“They do almost nothing to help the larger community of artists,” Zogo continues. “Why aren’t they out front shouting from the rooftops, ‘Give the old library to artists!’?”
If Morlan and Springs won’t shout from the rooftops, Zogo will and is doing just that — at least figuratively. Even if her organization’s plans for the old library aren’t adopted by the city, she’s already shaken San Diego’s arts establishment up.
Morlan bristled at being lumped in as part of the establishment, noting that she works at an alternative weekly— “the very definition of antiestablishment.”
“Everyone knows the community wants art and educational opportunities in East Village,” says Morlan. “All communities and neighborhoods need those opportunities in order to thrive. I just don’t think Tasha Zogo is the right person for the job.”
Morlan, who recently took a new arts-writing job as Voice of San Diego’s engagement editor, says she regrets what she said during her phone call to Zogo. At the time, she was on maternity leave, holding her newborn in one arm, her cell phone in the other hand, all while trying to tend to her upset two-year-old. She says Zogo demands immediate attention when she decides on a plan. She says anyone who doesn’t respond promptly and affirmatively to Zogo will soon know her wrath.
“How about just a little patience?” Morlan asks. “I mean, come on, you can’t expect me to just drop everything because you sent an email. I mean, these people started slandering me on Facebook because I didn’t reply according to Tasha Zogo’s timetable.”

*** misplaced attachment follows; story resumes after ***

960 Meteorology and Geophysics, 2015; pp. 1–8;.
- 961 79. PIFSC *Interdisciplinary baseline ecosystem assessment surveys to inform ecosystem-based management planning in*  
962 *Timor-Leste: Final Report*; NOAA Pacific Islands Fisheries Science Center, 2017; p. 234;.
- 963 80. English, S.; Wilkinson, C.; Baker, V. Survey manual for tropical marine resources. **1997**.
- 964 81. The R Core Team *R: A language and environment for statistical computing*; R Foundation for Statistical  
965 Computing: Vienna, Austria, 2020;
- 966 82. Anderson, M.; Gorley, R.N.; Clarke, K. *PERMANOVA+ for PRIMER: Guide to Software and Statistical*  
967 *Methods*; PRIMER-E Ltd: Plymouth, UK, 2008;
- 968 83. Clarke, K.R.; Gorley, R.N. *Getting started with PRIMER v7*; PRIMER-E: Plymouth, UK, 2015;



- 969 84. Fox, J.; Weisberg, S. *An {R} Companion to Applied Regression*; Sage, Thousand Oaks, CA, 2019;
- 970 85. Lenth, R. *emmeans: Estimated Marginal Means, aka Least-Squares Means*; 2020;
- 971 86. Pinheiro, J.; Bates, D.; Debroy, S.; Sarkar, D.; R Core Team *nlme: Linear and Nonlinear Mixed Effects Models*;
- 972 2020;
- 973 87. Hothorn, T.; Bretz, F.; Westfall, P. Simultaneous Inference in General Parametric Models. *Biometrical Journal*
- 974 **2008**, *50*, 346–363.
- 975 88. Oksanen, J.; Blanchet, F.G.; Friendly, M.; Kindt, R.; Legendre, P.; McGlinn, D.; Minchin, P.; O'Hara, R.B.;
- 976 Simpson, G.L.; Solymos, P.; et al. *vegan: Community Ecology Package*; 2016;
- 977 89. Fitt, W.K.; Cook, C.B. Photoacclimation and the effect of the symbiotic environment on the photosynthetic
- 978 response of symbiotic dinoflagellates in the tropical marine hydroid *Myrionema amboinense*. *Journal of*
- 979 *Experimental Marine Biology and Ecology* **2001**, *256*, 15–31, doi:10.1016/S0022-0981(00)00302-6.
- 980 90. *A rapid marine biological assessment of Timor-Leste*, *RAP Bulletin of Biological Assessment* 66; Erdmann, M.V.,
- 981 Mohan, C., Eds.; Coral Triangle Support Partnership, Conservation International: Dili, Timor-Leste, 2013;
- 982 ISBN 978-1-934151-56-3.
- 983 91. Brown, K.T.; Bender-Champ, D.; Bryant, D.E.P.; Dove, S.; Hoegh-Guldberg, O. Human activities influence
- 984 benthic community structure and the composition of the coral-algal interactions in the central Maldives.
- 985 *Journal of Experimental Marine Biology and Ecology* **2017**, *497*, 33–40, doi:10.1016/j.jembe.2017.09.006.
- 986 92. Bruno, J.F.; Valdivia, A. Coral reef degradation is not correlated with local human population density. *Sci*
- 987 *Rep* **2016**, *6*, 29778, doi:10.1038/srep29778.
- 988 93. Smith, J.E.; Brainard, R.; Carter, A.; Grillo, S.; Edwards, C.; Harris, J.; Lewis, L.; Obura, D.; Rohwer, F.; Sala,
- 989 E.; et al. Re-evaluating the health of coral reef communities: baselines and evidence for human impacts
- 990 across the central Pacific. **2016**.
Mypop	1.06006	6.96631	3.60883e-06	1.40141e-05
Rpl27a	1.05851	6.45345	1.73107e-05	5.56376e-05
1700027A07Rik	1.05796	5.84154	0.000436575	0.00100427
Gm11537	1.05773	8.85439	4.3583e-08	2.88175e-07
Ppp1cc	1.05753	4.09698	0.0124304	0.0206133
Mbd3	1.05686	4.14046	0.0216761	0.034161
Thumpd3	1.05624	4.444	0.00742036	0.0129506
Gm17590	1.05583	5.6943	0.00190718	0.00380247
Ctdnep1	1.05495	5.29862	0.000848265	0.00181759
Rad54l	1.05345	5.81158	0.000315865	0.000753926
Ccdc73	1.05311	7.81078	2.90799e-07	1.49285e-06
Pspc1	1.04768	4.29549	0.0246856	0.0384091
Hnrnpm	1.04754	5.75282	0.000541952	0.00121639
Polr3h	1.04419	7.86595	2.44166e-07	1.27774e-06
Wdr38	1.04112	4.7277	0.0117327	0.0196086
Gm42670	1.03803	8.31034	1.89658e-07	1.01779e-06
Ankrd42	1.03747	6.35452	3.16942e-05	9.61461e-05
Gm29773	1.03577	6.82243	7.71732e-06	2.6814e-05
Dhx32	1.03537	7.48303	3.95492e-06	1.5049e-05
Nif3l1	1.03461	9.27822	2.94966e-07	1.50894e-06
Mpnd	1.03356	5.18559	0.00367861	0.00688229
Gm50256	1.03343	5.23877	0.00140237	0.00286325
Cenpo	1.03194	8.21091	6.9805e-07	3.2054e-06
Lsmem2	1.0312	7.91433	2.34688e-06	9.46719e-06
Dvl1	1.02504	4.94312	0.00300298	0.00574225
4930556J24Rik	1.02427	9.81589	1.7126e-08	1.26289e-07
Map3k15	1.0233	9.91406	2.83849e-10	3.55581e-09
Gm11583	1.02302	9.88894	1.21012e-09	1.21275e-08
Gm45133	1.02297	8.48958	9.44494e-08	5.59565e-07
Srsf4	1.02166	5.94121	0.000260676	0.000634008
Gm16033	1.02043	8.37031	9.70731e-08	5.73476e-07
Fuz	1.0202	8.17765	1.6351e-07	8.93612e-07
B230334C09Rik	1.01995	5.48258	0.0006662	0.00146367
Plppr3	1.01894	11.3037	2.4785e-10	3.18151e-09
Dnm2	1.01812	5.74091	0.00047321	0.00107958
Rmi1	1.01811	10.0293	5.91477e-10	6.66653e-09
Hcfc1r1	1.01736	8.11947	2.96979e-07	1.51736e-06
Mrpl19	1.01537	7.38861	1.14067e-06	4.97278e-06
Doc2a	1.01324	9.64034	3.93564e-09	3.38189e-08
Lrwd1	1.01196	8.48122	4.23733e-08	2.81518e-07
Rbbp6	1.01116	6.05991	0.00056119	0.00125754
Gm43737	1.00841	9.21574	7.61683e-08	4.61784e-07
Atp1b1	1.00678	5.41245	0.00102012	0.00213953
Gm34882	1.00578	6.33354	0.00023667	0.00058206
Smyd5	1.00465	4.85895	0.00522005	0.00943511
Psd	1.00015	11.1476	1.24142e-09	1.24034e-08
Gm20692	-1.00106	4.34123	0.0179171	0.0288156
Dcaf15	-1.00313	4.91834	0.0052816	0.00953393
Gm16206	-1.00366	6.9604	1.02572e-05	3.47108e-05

One of United Artists of San Diego’s members, and one of Zogo’s most ardent supporters, showed me screenshots of Facebook posts meant to illustrate Morlan’s alleged favoritism to artists who are “in” San Diego’s so-called arts establishment, and hostility toward those “on the outs.”
However, those screenshots as well as group emails did as much to illustrate the upstarts’ hostility toward the establishment as they did the opposite.
“Why would I call you?” reads one post to Morlan from a United Artists of San Diego member. “You obviously have mental problems.”
But another post from the San Diego Artists Facebook page — which was purportedly established by the city’s Commission on Arts and Culture and was handed over by Dana Springs, who once moderated the page, to Kinsee Morlan — seems to confirm one of Zogo’s complaints. In fact, the post seems to confirm at least anecdotally that there is a tendency among established members of the local arts community to limit, even stifle, local artists trying to make a living by selling their creations.
“Please refrain from posting these types of things,” Morlan’s post begins, continuing with a three-bullet list of no-nos on her San Diego Artists Facebook page. “Show event/announcements, art-for-sale announcements, self-promotional content/friend-promotional content.”